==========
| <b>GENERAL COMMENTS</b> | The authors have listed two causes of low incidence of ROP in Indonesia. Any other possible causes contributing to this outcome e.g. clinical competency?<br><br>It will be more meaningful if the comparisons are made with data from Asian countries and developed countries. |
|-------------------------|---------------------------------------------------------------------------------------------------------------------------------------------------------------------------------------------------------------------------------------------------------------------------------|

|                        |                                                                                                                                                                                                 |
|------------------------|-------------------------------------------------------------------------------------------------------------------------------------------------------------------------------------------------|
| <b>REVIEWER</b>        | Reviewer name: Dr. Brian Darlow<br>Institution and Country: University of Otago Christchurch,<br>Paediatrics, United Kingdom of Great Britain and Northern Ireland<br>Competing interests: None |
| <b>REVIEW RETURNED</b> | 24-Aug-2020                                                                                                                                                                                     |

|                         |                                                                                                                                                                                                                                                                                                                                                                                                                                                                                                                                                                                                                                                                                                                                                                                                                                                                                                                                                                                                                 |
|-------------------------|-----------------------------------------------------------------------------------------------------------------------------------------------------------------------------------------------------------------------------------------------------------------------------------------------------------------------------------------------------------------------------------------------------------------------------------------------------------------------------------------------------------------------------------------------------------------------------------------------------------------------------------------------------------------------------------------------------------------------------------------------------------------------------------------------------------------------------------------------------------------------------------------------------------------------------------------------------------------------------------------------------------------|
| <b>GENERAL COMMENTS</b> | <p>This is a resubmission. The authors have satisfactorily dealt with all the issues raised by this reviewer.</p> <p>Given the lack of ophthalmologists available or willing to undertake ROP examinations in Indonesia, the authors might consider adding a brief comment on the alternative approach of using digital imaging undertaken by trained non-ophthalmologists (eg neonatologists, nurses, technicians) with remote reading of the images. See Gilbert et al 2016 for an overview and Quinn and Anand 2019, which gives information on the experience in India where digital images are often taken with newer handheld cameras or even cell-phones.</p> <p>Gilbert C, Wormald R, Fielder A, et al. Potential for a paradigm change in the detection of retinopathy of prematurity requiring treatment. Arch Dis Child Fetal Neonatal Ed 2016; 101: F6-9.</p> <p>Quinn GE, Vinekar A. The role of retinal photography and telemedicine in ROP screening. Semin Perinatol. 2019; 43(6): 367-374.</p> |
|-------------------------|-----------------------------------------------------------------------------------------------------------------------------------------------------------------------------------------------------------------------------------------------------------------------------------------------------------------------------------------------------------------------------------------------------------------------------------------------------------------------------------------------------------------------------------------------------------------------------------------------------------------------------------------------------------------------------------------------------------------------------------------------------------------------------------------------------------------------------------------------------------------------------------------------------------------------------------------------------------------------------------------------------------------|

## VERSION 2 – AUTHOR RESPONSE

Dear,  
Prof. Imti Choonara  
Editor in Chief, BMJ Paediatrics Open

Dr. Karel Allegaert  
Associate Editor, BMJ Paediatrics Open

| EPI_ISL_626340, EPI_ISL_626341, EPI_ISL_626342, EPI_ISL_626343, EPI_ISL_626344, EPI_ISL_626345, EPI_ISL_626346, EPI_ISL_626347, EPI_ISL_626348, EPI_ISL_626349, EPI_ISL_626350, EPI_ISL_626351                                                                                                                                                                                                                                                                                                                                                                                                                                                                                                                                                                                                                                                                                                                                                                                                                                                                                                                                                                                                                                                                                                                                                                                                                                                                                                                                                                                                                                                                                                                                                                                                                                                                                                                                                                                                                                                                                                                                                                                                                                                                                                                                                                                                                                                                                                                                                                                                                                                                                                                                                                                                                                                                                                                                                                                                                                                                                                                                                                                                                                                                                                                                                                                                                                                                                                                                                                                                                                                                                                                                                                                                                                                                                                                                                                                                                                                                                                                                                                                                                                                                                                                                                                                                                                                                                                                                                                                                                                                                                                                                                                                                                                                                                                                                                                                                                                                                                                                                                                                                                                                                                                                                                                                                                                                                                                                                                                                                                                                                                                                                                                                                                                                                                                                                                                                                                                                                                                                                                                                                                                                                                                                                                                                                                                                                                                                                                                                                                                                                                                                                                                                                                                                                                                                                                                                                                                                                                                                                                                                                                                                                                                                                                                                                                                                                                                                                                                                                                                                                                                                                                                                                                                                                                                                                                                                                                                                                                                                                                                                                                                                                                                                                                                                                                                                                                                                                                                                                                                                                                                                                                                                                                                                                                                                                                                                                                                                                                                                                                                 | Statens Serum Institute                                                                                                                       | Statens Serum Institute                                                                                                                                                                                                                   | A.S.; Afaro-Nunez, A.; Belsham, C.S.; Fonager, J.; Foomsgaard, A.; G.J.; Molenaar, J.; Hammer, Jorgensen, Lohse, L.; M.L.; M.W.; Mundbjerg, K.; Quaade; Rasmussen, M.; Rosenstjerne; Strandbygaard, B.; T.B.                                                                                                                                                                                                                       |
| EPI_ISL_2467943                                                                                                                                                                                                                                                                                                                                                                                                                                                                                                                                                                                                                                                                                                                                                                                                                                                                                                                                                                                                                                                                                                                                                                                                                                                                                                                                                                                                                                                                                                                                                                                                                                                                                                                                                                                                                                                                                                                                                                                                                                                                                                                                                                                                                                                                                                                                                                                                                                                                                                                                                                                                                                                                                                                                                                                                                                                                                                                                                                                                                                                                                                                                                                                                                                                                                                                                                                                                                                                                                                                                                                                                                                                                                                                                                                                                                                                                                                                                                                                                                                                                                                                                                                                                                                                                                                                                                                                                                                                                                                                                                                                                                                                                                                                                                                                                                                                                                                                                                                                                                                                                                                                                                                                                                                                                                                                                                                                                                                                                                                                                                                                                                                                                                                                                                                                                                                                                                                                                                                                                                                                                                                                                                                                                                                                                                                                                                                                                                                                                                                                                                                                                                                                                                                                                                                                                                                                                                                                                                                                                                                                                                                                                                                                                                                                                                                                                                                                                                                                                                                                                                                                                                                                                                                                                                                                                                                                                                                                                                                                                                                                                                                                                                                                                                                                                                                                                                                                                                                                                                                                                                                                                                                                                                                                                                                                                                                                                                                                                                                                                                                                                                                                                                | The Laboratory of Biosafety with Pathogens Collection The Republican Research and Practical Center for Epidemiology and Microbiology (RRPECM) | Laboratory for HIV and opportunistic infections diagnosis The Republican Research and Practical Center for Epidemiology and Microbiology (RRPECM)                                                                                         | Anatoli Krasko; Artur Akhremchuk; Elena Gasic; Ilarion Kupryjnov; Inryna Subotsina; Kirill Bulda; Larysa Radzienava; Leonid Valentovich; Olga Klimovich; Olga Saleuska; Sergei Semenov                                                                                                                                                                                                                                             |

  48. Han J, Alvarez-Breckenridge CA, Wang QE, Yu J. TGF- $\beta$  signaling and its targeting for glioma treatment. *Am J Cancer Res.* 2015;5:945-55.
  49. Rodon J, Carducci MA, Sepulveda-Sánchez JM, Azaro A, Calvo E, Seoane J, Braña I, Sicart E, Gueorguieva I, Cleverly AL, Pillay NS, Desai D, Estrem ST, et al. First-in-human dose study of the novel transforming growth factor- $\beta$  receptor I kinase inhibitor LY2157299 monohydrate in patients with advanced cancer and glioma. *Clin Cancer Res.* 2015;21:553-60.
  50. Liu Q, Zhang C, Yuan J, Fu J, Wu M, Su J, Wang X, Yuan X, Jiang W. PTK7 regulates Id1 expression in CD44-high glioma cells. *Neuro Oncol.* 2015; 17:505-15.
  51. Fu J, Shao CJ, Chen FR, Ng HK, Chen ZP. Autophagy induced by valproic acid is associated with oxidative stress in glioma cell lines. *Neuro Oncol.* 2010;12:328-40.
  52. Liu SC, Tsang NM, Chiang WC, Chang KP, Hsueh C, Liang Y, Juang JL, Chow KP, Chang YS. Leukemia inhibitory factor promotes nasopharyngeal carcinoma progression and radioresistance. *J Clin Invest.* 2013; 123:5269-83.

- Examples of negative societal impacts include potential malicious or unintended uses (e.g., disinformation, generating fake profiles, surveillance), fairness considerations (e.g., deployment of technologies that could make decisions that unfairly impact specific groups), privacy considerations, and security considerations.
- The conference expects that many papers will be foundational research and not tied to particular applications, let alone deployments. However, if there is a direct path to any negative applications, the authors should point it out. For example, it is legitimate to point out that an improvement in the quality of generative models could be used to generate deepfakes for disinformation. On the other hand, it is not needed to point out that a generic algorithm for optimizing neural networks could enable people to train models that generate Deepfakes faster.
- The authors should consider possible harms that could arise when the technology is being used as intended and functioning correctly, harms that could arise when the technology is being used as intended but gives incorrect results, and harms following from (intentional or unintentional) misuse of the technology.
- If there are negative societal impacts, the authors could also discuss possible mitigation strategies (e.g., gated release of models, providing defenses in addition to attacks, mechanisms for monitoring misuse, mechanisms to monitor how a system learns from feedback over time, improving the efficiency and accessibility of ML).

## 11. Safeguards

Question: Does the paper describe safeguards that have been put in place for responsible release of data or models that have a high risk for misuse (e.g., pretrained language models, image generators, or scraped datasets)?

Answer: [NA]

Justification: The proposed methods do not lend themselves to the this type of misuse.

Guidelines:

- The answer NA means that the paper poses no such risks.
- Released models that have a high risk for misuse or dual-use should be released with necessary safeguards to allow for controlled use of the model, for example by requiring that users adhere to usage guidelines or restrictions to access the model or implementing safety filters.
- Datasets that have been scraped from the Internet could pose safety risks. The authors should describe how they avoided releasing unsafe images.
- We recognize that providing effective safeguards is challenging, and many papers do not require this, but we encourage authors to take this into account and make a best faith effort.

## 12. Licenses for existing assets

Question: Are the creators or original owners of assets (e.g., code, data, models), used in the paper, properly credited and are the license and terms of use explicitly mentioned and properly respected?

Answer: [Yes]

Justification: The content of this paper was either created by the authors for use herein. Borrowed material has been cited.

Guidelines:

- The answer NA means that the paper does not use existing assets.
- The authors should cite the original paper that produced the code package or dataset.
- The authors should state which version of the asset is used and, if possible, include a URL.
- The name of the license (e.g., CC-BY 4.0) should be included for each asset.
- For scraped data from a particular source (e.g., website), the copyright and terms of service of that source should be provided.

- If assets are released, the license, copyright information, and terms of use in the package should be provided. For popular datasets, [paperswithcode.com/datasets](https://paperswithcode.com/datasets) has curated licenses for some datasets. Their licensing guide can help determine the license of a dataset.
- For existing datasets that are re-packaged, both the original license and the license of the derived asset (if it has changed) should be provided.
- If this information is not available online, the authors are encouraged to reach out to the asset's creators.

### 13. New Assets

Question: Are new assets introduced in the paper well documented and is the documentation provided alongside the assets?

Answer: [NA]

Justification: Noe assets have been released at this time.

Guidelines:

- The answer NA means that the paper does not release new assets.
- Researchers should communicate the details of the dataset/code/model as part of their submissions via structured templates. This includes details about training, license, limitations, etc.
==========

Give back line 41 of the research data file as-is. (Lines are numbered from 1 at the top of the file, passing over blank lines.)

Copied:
Guidelines: